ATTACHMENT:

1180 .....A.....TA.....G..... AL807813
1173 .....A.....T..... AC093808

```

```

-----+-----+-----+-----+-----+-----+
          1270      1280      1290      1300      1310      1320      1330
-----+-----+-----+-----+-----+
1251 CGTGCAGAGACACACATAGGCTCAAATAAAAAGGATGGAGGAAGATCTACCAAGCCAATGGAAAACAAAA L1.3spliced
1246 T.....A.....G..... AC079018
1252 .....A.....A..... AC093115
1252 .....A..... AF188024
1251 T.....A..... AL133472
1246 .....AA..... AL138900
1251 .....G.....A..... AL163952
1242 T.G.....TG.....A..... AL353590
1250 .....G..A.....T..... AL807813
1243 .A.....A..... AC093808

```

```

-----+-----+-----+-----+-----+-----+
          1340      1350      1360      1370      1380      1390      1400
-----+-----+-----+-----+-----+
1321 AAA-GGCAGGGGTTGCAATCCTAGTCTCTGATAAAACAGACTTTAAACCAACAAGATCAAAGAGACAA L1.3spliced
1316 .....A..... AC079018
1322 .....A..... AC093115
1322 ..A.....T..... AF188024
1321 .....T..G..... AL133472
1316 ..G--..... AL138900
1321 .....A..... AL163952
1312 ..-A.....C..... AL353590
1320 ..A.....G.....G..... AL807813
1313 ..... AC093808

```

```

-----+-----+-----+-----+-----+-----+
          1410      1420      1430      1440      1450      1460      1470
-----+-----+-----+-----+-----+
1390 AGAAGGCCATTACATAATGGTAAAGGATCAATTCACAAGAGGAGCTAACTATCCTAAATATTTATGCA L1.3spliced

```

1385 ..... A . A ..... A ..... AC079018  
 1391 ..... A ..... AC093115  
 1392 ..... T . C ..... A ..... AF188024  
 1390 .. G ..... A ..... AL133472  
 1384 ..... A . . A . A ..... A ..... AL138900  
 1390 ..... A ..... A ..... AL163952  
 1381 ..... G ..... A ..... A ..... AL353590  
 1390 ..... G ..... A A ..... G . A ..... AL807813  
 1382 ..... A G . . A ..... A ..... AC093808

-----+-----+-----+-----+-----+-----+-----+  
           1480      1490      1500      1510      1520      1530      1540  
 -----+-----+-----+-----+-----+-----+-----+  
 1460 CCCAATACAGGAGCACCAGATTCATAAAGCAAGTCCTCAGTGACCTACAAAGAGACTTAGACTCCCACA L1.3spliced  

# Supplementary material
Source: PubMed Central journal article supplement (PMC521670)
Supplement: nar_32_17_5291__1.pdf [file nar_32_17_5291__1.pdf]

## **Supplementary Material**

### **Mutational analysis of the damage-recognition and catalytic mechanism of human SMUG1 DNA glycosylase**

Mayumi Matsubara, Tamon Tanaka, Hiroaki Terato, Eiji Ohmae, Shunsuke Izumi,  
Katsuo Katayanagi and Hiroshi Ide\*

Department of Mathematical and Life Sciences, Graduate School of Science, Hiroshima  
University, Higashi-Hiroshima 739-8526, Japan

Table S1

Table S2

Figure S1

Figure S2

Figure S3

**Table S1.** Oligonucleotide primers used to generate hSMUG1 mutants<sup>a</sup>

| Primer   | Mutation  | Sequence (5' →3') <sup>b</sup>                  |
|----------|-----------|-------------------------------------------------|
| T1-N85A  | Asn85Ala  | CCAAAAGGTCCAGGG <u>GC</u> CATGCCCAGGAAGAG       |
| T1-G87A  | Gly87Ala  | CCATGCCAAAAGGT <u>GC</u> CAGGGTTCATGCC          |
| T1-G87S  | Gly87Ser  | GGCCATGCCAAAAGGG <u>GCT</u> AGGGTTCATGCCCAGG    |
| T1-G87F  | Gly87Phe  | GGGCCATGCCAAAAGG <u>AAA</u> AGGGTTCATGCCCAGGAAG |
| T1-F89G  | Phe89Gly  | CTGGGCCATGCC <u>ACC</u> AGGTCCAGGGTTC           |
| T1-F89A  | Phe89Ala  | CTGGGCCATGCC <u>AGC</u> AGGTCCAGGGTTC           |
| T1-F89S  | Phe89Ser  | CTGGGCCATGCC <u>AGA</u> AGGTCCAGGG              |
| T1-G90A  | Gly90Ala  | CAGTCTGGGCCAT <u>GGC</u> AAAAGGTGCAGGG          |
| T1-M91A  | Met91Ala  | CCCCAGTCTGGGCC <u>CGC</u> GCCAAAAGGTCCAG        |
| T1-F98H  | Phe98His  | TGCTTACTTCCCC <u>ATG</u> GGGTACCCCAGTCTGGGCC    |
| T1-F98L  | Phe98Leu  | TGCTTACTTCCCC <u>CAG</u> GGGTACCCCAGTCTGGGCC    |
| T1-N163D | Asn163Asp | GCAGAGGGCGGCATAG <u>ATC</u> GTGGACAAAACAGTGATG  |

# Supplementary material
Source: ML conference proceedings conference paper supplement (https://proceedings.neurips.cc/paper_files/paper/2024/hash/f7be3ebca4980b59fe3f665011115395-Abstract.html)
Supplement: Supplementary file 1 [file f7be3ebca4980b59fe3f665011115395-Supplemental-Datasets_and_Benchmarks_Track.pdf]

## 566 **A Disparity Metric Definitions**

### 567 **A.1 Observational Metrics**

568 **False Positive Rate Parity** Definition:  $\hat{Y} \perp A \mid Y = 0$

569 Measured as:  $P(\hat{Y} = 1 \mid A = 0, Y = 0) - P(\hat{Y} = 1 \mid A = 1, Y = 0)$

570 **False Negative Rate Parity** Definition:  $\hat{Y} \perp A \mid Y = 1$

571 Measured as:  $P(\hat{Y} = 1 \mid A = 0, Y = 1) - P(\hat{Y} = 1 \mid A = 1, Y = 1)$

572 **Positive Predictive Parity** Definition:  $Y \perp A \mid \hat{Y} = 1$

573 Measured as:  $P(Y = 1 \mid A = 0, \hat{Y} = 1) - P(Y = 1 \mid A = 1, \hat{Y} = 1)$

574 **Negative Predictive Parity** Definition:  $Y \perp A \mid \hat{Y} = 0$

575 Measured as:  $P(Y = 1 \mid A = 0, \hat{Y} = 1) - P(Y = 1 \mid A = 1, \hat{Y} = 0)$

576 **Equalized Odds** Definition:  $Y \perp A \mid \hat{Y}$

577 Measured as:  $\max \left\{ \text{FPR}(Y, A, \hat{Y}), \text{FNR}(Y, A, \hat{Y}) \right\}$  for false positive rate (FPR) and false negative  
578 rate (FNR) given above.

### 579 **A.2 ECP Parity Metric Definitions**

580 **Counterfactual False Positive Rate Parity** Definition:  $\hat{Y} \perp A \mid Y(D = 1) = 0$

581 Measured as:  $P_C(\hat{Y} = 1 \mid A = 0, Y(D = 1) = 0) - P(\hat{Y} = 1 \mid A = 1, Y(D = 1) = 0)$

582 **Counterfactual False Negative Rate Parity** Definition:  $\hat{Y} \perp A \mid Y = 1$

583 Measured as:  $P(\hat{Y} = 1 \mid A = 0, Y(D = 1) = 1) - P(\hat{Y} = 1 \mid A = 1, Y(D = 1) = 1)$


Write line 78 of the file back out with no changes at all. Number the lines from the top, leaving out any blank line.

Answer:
| T1-M91A  | Met91Ala  | CCCCAGTCTGGGCC <u>CGC</u> GCCAAAAGGTCCAG        |